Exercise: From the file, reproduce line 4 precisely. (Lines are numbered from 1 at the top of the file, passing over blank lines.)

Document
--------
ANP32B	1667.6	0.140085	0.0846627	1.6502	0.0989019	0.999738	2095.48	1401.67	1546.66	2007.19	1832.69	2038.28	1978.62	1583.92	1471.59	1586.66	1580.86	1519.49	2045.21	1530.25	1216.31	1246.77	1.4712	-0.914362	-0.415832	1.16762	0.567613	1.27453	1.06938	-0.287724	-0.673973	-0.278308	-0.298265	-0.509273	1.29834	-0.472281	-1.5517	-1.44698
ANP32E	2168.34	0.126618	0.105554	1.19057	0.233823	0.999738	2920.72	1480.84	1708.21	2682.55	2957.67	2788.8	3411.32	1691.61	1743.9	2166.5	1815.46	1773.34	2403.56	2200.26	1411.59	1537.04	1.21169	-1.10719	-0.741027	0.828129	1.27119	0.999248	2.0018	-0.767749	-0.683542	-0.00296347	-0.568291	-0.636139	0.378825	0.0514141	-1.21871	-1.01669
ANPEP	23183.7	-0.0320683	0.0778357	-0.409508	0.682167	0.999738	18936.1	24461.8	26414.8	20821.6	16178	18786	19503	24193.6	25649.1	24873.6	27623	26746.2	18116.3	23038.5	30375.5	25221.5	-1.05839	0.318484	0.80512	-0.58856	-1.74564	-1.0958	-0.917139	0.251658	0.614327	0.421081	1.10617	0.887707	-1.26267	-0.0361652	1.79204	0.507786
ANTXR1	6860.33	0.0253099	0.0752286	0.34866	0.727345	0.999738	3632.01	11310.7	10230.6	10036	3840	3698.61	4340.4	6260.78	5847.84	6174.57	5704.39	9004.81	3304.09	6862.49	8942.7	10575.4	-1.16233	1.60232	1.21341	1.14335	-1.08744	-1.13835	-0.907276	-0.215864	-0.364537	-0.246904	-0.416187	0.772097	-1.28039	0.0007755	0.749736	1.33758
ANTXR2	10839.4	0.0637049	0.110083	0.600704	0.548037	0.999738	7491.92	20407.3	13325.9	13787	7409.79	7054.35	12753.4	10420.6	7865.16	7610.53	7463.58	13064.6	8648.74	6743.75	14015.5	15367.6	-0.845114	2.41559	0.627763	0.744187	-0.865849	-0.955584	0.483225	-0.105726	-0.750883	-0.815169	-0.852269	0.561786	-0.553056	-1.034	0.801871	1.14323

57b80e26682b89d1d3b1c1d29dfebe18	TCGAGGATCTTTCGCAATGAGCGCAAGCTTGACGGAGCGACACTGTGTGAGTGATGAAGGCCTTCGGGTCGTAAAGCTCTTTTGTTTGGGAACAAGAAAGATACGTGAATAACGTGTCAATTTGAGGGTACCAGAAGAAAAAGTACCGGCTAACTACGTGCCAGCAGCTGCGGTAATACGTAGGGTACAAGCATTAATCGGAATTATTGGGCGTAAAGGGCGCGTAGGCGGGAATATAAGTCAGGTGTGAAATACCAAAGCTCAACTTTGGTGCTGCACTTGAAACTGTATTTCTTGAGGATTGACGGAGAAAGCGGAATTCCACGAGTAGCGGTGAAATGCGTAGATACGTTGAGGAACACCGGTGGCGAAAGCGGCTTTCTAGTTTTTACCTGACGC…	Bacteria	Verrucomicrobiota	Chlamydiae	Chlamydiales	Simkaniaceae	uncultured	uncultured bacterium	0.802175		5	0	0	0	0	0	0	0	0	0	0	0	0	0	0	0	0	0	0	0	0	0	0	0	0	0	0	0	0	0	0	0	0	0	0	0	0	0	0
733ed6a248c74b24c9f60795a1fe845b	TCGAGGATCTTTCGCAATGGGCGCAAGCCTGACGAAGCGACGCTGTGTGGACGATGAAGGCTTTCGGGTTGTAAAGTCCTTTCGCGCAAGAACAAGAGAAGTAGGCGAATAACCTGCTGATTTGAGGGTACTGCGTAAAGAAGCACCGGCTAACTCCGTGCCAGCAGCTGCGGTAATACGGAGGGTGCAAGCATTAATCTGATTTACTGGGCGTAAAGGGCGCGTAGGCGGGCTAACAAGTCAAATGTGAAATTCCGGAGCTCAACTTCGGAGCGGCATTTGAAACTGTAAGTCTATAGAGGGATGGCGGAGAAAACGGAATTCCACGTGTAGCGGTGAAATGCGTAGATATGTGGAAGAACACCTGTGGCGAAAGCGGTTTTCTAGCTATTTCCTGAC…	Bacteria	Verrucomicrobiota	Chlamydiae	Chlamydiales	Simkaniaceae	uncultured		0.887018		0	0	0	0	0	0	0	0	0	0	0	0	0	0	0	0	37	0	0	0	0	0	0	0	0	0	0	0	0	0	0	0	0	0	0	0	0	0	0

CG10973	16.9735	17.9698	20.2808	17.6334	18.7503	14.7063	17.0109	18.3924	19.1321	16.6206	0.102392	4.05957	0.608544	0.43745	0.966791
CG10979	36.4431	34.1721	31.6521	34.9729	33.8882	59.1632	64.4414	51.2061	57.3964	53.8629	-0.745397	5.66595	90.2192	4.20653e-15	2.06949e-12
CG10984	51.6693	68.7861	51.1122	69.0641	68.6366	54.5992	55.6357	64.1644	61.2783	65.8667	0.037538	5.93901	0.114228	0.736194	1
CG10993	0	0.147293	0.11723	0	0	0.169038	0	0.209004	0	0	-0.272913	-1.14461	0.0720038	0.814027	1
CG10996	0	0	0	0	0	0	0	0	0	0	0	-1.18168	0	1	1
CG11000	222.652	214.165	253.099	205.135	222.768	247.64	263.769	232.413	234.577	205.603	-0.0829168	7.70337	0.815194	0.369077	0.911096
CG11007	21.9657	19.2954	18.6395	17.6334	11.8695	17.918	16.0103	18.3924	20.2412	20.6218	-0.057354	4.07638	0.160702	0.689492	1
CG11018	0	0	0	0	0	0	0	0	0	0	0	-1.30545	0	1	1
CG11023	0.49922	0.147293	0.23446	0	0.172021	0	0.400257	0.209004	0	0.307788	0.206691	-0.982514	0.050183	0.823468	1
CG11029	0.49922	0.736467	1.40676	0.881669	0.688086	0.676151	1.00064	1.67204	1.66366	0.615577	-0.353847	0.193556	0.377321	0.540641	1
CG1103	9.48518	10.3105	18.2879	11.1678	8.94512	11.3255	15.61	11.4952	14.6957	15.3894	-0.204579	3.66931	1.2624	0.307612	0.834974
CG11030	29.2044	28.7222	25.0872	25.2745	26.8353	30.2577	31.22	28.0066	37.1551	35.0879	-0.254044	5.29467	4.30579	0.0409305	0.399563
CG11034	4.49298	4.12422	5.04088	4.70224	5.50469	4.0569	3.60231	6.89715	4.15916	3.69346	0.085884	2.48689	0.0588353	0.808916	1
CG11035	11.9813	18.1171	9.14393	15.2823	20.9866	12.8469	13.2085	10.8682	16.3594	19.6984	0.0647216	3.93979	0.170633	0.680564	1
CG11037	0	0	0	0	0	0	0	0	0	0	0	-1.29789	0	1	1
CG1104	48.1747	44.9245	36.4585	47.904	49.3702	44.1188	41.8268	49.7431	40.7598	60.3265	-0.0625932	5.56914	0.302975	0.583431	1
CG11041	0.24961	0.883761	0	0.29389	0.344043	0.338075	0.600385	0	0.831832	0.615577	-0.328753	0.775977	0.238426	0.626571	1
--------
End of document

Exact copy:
ANTXR1	6860.33	0.0253099	0.0752286	0.34866	0.727345	0.999738	3632.01	11310.7	10230.6	10036	3840	3698.61	4340.4	6260.78	5847.84	6174.57	5704.39	9004.81	3304.09	6862.49	8942.7	10575.4	-1.16233	1.60232	1.21341	1.14335	-1.08744	-1.13835	-0.907276	-0.215864	-0.364537	-0.246904	-0.416187	0.772097	-1.28039	0.0007755	0.749736	1.33758